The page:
Intravenous Dexmedetomidine and Dexamethasone for Postop Analgesia

Many agents have been added to peripheral nerve blocks to prolong analgesia. In some cases intravenous administration has been as successful without potential nerve toxicity concerns.

This small randomized study evaluated the difference in time to first rescue analgesic request between patients receiving co-administered intravenous dexamethasone and dexmedetomidine and patients receiving intravenous dexamethasone alone after single-shot interscslene brachial plexus block for arthroscopic shoulder surgery. Saline controls were used.

Co-administration of intravenous dexamethasone (0.11 mg kg−1) with dexmedetomidine (1.0 μg kg−1) significantly prolonged the time to first rescue analgesic request more than Dexamethasone alone, and both more so than saline controls. Also both groups had reduced postoperative opioid consumption, less sleep disruption and improved patient satisfaction compared with the control group.


Intravenous Acetaminophen & Hip and Kneee Arthroplasty

Intravenous Acetaminophen was hailed as a useful addition to anesthesia care, but almost every study has shown little to be gained compared to oral Acetaminophen.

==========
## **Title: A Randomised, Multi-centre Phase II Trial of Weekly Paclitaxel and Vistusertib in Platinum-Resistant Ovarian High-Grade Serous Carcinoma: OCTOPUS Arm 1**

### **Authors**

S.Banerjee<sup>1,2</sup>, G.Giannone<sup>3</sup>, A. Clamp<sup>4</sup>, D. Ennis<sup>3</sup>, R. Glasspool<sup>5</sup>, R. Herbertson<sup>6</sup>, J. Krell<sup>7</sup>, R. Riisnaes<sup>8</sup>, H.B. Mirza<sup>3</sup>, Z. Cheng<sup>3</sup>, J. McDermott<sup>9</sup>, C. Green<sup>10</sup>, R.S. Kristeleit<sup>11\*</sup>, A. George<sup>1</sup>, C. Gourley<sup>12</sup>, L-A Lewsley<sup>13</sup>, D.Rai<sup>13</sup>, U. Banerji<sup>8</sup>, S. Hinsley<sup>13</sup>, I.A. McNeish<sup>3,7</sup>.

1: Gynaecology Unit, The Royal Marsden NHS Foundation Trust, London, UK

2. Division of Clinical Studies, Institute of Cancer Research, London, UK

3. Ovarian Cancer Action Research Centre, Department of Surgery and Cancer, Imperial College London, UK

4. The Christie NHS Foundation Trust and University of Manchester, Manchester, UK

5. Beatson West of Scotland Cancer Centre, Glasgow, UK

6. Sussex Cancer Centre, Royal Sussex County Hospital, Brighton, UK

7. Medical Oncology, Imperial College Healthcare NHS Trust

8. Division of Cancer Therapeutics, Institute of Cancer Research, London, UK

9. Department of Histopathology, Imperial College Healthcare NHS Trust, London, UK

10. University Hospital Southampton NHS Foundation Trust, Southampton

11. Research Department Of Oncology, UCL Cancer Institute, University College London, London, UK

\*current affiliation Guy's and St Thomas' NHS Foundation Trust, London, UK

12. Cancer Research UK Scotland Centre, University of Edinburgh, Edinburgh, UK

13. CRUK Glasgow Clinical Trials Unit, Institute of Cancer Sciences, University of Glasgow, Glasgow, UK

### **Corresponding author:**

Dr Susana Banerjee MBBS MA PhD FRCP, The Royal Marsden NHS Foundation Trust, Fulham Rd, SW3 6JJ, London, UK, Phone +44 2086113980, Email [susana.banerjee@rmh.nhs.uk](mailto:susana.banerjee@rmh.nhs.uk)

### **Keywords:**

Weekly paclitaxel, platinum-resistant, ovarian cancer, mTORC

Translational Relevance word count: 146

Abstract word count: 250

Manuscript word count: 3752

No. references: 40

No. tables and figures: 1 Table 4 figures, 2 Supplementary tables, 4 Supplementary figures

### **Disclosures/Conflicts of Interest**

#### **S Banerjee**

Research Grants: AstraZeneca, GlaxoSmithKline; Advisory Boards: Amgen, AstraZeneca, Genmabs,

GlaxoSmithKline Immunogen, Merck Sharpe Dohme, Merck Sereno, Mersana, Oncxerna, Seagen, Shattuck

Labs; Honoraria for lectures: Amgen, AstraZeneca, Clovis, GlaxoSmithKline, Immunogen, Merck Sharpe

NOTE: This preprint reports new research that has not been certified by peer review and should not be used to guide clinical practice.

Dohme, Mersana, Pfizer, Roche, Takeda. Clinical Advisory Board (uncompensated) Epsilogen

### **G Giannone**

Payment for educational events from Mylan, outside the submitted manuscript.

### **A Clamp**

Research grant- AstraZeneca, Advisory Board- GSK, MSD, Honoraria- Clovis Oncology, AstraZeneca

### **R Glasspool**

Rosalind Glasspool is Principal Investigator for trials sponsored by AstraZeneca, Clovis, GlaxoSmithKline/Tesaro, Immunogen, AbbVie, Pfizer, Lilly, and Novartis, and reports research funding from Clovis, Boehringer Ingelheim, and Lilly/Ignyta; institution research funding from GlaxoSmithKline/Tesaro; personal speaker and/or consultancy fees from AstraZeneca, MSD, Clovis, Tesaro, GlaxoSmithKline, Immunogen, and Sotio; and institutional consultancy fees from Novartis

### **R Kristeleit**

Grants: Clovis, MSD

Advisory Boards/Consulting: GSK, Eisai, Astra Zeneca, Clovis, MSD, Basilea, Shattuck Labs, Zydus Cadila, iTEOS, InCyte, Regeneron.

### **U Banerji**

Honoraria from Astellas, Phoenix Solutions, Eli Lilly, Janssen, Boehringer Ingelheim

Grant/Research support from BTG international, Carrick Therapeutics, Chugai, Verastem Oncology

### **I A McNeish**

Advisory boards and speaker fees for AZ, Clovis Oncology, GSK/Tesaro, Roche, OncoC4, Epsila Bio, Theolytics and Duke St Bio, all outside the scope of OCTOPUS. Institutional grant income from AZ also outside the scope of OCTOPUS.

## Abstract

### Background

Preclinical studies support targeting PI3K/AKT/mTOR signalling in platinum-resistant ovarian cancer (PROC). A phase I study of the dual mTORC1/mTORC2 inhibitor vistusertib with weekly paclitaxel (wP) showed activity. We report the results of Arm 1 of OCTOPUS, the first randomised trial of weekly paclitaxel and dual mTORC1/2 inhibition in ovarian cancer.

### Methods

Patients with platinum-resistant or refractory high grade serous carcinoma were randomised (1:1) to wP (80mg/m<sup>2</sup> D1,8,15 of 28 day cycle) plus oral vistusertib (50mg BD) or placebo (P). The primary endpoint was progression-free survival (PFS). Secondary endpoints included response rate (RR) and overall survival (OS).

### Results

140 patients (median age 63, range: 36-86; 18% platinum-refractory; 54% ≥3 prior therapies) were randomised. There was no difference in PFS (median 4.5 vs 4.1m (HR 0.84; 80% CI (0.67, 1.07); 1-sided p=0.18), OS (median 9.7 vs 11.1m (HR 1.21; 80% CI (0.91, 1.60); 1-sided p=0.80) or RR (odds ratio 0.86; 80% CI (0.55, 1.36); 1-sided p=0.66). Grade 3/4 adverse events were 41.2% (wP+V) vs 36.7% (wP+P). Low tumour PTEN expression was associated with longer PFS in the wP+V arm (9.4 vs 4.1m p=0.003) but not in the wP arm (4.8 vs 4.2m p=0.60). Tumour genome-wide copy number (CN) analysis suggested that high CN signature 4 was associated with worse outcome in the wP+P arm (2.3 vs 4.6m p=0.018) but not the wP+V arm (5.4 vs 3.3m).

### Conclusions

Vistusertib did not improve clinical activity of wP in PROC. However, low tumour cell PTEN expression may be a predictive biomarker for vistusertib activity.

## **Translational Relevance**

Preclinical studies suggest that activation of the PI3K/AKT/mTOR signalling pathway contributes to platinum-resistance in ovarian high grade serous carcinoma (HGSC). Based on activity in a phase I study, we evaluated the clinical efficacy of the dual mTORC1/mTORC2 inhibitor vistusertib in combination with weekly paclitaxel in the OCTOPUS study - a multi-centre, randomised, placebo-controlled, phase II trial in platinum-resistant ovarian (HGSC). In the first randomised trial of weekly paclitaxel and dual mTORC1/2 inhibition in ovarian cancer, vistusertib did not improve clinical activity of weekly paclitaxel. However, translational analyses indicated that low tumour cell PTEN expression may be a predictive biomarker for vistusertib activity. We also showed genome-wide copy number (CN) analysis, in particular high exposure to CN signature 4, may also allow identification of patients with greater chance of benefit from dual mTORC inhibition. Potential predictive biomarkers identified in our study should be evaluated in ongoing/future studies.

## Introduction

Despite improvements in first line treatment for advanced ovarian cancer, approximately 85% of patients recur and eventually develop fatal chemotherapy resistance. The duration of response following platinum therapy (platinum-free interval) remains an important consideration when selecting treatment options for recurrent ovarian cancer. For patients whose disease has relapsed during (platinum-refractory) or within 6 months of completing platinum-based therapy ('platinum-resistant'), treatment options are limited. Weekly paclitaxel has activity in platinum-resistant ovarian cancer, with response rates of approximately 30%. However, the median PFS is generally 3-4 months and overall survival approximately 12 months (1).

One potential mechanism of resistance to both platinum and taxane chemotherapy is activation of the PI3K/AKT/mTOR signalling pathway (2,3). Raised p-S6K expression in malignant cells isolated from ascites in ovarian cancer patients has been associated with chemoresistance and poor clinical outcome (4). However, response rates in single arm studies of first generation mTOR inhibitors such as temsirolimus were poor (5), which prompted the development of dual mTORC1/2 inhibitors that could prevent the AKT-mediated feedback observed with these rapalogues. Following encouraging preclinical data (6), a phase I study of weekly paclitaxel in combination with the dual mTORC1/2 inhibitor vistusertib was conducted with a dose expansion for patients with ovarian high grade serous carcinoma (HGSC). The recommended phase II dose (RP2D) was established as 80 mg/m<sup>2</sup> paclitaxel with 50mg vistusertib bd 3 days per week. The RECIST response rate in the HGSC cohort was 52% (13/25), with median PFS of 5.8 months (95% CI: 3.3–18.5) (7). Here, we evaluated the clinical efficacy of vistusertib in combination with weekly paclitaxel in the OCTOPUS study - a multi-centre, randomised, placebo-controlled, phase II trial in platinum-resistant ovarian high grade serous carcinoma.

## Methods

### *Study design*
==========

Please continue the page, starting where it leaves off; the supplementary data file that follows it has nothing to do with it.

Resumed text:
This latest, albeit a database study in total hip and knee arthroplasty, once again shows no (or less) benefit compared to oral Acetaminophen, which should always where possible be the first choice.


Acute Pain Trajectories and Remote Pain Resolution

A secondary analysis of the Stanford Accelerated Recovery Trial assessed remote postoperative pain, opioid use, and recovery. The incidence of persistent postsurgical pain ranges from 10% to 50%, and 2% to 10% of patients report severe, chronic pain after surgery.

The study assessed high and low pain clusters in the first 10 days in a mixed surgical cohort. Numerous pain and other scores were administered. The authors identified worst pain over the past 24 hours reported on postoperative day 10 as a significant immediate postoperative predictor of remote pain resolution, opioid cessation, and complete surgical recovery.

The implications are summarized: “Ultimately, early identification of high-risk patients would facilitate personalized care with closer follow-up, earlier referral for specialist care, and extension of multimodal pain regimens”.

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Tramadol and Mortality Among Patients With Osteoarthritis

Tramadol has many drawbacks but is frequently prescribed as a perceived safer agent with less misuse potential.

This cohort study of nearly 89,000 patients aged 50 years and older with osteoarthritis found that initial prescription of tramadol was associated with a significantly higher rate of mortality over 1 year compared with commonly prescribed nonsteroidal anti-inflammatory drugs, but not compared with codeine.

The authors point out the risk of confounding by indication, and further research is needed to determine if this association is causal.


Post-Herpetic Neuralgia